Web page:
New study adds clarity to the role low/no calorie sweeteners can play in weight loss

Author(s): Vicky Pyrogianni MSc, Dietitian – Nutritionist; Nutrition Science Director, ISA


  • A new big study confirms a useful role for low/no calorie sweeteners in weight management, when used in place of sugar, and adds further clarity as to when their use brings value.
  • Studies comparing low/no calorie sweeteners with water or placebo find no difference on impact on body weight. This proves that sugar substitutes do not cause weight changes by themselves and that their benefits relate to sugar, hence calorie, reduction in the diet, in line with their intended use.
  • The bigger the displacement of sugar in the diet, the greater the beneficial effect of low/no calorie sweeteners’ use.


The new study by Rogers and Appleton1 is the second systematic review and meta-analysis on low/no calorie sweeteners and weight management published this year. Together with the study by Laviada-Molina and colleagues2, published in March 2020, they are the two most thorough systematic reviews on this topic to date. The main conclusion of both reviews is that the consumption of low/no calorie sweeteners versus sugar can help decrease body weight by reducing daily energy intake, while there is no impact on weight outcomes when there is no calorie reduction, for example when sweeteners are compared to water or placebo. Importantly also, this new review adds further clarity on how and when low/no calorie sweeteners can help in weight loss by providing answers to three key questions related to sweeteners and weight management.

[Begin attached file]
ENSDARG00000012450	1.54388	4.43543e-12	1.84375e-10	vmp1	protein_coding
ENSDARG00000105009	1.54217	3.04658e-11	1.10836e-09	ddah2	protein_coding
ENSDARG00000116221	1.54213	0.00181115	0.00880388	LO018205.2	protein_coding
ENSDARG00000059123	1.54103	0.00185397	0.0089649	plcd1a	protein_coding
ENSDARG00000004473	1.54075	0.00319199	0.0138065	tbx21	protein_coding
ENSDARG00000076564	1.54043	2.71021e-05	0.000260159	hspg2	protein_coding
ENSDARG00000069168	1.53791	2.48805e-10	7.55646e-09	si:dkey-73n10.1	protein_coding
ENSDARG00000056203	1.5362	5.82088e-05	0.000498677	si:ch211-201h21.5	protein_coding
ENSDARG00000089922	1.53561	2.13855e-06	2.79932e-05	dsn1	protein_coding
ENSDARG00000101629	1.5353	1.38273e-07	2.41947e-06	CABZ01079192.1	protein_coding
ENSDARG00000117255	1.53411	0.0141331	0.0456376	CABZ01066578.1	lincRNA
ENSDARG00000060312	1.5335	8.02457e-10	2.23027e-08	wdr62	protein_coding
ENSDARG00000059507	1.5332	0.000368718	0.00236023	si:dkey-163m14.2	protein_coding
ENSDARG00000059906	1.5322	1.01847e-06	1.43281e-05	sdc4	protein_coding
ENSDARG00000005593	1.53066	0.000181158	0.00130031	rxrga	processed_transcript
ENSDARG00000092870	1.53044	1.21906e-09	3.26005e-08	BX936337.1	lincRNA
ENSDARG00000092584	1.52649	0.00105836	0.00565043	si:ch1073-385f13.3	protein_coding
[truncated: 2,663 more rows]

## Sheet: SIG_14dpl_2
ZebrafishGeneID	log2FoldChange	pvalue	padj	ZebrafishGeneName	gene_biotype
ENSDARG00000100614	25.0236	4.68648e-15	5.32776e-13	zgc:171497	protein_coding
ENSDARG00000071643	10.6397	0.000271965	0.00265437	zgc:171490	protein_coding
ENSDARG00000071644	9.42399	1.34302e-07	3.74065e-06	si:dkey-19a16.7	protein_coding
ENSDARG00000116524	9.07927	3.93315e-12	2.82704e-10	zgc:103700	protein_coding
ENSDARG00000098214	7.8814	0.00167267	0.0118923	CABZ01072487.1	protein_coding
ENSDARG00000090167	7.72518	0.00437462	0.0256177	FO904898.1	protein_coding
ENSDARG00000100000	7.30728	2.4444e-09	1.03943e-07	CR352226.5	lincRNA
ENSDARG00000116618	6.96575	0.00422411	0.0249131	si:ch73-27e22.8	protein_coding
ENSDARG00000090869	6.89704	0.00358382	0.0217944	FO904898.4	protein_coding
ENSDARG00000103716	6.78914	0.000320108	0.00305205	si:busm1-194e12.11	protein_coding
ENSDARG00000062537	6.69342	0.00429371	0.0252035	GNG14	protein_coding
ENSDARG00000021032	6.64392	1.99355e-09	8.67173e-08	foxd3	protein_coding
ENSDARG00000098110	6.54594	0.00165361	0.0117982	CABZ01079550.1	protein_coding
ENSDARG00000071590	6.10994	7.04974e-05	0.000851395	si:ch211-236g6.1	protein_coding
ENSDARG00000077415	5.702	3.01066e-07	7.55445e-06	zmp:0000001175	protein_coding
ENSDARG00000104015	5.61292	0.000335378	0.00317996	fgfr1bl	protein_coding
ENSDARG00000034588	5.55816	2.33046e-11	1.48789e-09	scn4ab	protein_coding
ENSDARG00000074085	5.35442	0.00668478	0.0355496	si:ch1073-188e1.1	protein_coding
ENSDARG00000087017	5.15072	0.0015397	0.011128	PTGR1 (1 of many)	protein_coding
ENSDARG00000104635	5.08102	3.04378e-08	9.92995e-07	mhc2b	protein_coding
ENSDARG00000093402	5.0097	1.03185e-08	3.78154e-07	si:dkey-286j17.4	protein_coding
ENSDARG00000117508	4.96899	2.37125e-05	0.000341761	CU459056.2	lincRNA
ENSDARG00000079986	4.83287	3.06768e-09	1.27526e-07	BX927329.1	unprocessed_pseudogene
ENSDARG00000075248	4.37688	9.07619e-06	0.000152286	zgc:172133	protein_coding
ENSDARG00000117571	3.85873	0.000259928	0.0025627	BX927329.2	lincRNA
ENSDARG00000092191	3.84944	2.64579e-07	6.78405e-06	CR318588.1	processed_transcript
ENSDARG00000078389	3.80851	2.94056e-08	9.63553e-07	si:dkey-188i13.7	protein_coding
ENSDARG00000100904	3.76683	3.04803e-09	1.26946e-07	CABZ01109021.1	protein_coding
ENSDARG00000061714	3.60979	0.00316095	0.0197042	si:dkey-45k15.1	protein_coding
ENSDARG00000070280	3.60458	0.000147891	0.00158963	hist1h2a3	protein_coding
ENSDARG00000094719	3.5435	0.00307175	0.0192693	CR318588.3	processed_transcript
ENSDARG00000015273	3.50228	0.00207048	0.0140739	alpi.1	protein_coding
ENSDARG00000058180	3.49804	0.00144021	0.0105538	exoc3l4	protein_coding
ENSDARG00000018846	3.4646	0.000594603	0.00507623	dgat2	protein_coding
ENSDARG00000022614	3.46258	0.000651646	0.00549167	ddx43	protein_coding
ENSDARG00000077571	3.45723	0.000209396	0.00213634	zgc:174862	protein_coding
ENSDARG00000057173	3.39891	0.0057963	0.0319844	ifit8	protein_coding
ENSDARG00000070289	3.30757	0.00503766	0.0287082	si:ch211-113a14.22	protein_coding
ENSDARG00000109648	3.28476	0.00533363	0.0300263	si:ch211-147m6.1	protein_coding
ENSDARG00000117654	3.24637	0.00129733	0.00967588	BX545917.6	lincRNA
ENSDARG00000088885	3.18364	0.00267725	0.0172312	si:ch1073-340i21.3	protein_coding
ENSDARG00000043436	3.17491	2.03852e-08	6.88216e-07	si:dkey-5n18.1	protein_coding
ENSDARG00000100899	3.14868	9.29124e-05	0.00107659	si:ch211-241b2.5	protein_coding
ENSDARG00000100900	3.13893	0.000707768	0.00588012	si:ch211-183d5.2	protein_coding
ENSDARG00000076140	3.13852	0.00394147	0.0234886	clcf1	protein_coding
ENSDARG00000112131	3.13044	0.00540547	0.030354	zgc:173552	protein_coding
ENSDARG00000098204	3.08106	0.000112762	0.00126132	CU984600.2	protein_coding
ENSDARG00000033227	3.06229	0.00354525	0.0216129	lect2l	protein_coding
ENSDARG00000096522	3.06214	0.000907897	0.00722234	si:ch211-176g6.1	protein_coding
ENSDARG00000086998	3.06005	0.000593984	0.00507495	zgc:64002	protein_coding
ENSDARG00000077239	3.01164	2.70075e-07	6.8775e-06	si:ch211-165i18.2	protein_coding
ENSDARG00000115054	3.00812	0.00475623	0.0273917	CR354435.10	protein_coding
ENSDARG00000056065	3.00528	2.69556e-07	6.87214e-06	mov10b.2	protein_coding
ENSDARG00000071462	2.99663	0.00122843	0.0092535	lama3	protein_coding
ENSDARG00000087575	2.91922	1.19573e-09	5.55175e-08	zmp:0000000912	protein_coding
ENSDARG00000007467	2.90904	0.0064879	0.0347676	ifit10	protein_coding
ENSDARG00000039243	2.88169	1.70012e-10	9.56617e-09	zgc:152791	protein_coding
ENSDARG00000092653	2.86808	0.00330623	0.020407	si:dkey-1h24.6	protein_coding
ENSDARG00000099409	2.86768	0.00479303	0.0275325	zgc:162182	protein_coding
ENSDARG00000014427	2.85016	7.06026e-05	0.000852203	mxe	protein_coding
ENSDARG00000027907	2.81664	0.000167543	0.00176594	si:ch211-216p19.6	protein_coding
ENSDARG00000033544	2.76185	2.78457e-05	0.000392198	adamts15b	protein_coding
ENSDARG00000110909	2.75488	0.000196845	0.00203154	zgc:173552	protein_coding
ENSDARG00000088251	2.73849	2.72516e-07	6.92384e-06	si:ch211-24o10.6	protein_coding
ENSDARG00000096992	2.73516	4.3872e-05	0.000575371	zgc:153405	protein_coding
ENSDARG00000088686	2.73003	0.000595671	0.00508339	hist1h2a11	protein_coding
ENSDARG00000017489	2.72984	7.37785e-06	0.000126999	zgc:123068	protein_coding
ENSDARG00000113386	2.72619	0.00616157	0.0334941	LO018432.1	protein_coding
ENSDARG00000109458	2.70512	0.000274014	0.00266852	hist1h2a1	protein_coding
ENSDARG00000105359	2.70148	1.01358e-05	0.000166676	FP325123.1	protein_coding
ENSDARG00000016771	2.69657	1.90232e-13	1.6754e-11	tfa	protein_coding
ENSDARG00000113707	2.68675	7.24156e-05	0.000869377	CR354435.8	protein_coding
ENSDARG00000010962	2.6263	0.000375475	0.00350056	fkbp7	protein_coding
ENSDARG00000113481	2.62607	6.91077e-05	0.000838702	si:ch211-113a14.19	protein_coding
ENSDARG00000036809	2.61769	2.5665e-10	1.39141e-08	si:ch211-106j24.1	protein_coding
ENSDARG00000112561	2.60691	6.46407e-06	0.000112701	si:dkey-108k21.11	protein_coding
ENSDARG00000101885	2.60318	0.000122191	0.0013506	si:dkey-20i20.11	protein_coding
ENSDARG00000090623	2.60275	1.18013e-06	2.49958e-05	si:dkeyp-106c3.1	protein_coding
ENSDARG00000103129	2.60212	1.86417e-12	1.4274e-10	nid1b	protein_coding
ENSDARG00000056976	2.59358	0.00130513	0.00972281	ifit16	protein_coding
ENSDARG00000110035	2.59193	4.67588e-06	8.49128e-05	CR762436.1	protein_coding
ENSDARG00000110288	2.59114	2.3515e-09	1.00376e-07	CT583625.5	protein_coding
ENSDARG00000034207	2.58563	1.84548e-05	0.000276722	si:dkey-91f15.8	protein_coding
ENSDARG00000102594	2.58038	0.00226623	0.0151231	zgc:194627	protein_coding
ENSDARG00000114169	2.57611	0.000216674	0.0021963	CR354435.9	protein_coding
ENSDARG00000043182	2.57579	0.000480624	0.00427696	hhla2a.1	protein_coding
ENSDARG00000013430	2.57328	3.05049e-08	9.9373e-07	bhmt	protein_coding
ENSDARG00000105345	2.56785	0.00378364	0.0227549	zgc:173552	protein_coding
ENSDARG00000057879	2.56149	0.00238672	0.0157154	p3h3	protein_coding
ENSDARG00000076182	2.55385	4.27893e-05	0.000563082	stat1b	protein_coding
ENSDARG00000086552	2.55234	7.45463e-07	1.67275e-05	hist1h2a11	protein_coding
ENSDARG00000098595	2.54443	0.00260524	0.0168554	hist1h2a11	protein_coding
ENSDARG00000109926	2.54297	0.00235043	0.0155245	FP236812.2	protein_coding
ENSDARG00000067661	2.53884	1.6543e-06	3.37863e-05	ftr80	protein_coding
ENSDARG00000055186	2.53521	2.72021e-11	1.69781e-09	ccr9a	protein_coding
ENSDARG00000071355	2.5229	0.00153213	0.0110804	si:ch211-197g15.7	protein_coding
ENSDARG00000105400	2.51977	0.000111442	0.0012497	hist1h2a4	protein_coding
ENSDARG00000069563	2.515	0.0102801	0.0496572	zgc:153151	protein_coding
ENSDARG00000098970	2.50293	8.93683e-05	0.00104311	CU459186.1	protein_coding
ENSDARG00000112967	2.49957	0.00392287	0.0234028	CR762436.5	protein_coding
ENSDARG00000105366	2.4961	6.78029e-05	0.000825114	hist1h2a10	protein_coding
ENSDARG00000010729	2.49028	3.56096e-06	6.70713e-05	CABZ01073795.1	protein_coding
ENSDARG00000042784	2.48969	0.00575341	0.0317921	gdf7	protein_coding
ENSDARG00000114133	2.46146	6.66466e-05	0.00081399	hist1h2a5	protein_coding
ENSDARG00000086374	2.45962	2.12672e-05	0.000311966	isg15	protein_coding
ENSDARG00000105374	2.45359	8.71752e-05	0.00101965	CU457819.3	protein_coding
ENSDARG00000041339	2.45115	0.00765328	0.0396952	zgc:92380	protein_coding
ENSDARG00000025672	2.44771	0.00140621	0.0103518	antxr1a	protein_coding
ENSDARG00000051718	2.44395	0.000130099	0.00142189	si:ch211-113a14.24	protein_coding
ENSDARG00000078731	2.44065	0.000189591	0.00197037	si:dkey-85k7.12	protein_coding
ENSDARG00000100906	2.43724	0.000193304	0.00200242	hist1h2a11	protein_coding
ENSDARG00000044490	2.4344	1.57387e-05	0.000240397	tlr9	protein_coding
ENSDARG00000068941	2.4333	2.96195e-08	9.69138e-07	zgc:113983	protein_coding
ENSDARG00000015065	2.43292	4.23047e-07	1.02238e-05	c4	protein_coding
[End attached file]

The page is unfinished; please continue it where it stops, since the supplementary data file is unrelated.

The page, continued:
What does this new study show?

The new study looked at three research questions:

  • How do low/no calorie sweeteners affect energy intake and body weight when compared with sugar? (i.e. when sweetness remains the same but there is a difference in energy content between the intervention and the control groups).
  • How do low/no calorie sweeteners affect energy intake and body weight when compared with water or nothing? (i.e. where there is no meaningful difference in energy content between groups while there is a difference in taste); and
  • How do low/no calorie sweeteners (in capsules) affect energy intake and body weight when compared with placebo capsules? (i.e. where there is no meaningful difference in energy content between groups, and no difference in taste).


The results of the meta-analyses showed that:

  • Body weight, body mass index (BMI) and energy (calorie) intake were reduced by consumption of low/no calorie sweeteners compared with sugar. Additional analysis showed that the more sugar is removed from the diet, the greater the impact is. The study found that for every 1 MJ (approx. 240 kcal) of energy replaced by low/no calorie sweeteners, body weight decreases by ~1.06 kg in adults. This effect of sugar dose shows that the primary means by which sweeteners reduce body weight is by reducing energy intake.
  • There was no difference between low/no calorie sweeteners and water/nothing in their impact on body weight and BMI, while the analysis showed mixed results for energy intake. These results refute claims suggesting that exposure to sweet taste without calories may increase body weight.
  • Similarly, no difference was found in energy intake or body weight when low/no calorie sweeteners in capsules were compared with placebo capsules. These results add evidence to the notion that low/no calorie sweeteners have no impact on appetite or on energy balance by, for example, affecting the gut hormones.

Why do some reviews reach different conclusions when looking at the same evidence?